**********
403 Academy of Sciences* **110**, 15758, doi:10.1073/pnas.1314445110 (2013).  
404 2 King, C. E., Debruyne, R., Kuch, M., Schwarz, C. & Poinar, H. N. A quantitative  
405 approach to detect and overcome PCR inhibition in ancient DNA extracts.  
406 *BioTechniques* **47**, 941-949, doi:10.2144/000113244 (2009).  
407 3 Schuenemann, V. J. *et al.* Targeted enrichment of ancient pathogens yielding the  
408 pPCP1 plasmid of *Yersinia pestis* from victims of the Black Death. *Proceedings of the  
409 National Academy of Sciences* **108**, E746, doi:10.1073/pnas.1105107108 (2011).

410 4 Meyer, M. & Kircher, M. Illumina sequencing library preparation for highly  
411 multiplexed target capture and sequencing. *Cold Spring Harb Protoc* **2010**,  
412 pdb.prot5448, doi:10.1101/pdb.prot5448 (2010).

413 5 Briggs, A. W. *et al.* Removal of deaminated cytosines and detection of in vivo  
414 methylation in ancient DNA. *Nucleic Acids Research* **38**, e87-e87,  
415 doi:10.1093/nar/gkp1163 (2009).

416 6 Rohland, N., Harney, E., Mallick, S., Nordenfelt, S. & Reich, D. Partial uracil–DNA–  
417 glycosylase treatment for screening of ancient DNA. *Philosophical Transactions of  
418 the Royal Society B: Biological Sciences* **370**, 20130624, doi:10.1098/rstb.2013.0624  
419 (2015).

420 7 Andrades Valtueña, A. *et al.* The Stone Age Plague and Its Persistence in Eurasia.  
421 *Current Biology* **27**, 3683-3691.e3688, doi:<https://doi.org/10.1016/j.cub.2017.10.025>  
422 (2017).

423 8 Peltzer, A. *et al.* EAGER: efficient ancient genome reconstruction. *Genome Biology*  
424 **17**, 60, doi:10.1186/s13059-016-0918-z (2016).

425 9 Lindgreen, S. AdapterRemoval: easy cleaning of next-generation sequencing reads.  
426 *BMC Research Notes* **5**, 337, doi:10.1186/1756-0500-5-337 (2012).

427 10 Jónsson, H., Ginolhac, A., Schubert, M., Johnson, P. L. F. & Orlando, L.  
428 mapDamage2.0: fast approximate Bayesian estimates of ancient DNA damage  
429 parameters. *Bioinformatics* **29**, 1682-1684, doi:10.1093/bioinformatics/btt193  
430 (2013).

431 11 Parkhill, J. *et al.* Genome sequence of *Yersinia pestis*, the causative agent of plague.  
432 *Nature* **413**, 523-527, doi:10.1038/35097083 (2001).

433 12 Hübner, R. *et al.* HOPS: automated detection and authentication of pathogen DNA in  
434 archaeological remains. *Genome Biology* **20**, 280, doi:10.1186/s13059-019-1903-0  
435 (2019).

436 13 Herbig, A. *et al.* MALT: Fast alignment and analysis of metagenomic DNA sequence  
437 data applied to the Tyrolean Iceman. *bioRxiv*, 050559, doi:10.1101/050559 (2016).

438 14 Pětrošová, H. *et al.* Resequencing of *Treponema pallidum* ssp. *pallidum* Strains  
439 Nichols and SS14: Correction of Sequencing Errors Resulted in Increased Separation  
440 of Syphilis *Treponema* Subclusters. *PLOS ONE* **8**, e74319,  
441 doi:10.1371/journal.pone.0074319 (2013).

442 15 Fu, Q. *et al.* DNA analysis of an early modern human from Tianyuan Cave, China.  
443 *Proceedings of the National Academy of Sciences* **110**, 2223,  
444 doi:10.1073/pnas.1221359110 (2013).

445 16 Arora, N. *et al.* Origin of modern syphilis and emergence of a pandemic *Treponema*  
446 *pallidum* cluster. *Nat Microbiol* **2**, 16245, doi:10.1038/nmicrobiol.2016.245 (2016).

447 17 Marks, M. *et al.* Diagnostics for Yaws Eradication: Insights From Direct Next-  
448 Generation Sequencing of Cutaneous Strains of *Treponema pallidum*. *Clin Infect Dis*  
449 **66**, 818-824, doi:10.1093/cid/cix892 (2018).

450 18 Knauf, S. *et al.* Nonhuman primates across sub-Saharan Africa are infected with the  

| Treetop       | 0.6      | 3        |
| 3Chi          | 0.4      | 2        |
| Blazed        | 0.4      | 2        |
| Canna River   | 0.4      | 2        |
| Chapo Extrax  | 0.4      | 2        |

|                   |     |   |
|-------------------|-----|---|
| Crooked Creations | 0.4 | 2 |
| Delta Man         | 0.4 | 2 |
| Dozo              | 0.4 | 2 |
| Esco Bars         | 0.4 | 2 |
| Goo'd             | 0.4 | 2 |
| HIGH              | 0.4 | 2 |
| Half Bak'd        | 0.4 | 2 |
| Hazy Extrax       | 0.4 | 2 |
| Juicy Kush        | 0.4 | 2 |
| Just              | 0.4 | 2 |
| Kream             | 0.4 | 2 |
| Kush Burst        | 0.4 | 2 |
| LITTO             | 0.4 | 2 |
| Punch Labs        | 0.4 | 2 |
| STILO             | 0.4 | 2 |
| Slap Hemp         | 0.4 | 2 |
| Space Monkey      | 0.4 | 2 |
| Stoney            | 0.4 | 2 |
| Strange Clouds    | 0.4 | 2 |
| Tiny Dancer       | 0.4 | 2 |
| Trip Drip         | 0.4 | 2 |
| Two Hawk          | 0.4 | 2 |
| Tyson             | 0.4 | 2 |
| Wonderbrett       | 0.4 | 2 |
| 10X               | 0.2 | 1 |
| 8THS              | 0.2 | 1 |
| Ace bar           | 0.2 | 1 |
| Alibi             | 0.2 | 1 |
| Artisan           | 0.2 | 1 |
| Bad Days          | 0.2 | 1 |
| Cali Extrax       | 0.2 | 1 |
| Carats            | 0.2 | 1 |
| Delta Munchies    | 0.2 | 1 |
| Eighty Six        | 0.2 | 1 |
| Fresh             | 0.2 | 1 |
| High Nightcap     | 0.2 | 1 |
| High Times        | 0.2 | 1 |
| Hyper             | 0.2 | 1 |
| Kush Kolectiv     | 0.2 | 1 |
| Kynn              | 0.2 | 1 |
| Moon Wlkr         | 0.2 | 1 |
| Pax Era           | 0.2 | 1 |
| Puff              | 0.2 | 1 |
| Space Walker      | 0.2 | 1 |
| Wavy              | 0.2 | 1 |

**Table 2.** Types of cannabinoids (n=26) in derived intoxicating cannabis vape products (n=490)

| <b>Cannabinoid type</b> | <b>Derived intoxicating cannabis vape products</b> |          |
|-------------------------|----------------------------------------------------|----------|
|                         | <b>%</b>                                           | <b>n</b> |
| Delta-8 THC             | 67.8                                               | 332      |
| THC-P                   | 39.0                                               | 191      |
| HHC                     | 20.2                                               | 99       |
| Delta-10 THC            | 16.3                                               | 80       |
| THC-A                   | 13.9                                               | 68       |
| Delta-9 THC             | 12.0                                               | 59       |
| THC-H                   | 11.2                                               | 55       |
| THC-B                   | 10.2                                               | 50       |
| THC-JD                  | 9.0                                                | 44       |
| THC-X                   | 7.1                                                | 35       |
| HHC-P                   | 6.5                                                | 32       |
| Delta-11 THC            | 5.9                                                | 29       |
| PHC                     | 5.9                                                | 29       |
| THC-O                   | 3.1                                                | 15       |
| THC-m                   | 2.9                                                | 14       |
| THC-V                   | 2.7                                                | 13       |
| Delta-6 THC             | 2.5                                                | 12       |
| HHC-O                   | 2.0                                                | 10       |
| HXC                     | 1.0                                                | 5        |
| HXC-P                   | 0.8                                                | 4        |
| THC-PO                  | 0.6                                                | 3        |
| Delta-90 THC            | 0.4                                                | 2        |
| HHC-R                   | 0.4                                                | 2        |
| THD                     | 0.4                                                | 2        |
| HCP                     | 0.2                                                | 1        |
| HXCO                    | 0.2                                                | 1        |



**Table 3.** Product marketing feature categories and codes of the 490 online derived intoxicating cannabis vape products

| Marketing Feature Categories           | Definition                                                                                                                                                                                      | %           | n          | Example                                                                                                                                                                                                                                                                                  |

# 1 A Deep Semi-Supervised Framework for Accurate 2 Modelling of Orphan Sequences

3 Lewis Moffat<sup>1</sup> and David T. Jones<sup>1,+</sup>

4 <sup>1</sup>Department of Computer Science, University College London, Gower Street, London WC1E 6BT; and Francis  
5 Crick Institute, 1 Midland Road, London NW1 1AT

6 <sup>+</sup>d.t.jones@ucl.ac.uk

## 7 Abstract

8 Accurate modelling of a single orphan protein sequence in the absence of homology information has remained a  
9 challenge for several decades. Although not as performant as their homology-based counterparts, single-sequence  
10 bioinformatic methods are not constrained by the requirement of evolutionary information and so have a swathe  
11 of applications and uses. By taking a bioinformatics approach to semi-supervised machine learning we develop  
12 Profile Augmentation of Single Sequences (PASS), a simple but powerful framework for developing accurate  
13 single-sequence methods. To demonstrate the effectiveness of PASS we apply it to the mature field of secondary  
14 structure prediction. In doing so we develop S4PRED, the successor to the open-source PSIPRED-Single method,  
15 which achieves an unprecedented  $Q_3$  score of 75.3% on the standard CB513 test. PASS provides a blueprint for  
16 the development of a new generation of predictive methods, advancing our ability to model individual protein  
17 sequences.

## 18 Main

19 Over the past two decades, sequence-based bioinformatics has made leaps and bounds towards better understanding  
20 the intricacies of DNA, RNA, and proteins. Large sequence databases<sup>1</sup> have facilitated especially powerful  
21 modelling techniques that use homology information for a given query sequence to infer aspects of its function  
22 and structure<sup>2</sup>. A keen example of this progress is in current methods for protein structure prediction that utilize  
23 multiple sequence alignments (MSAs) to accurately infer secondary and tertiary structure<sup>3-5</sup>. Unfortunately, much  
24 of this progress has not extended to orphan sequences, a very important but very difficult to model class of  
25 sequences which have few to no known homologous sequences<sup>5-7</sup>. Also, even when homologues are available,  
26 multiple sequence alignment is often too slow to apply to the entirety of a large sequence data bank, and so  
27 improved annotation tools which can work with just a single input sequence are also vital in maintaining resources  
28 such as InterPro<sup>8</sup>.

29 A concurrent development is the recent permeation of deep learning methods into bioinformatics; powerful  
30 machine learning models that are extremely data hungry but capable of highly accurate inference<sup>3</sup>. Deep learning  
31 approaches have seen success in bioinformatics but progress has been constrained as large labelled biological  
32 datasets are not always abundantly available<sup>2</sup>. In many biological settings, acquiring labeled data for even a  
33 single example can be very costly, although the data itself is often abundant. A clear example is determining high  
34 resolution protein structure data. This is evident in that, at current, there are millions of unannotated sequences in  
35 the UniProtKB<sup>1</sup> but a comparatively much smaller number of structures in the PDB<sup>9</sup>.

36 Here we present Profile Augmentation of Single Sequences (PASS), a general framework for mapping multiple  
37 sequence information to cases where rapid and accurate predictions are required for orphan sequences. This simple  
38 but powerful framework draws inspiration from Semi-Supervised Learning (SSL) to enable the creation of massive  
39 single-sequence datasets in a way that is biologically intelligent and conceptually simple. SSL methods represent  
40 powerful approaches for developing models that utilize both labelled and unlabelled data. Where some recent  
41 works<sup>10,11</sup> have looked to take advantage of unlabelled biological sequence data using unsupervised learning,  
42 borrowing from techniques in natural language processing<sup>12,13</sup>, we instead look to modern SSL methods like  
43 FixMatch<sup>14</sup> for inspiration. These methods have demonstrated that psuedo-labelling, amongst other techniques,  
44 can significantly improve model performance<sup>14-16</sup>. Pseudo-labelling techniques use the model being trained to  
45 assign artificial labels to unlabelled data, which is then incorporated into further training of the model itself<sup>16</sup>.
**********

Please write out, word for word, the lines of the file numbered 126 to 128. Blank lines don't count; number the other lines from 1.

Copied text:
| Delta-90 THC            | 0.4                                                | 2        |
| HHC-R                   | 0.4                                                | 2        |
| THD                     | 0.4                                                | 2        |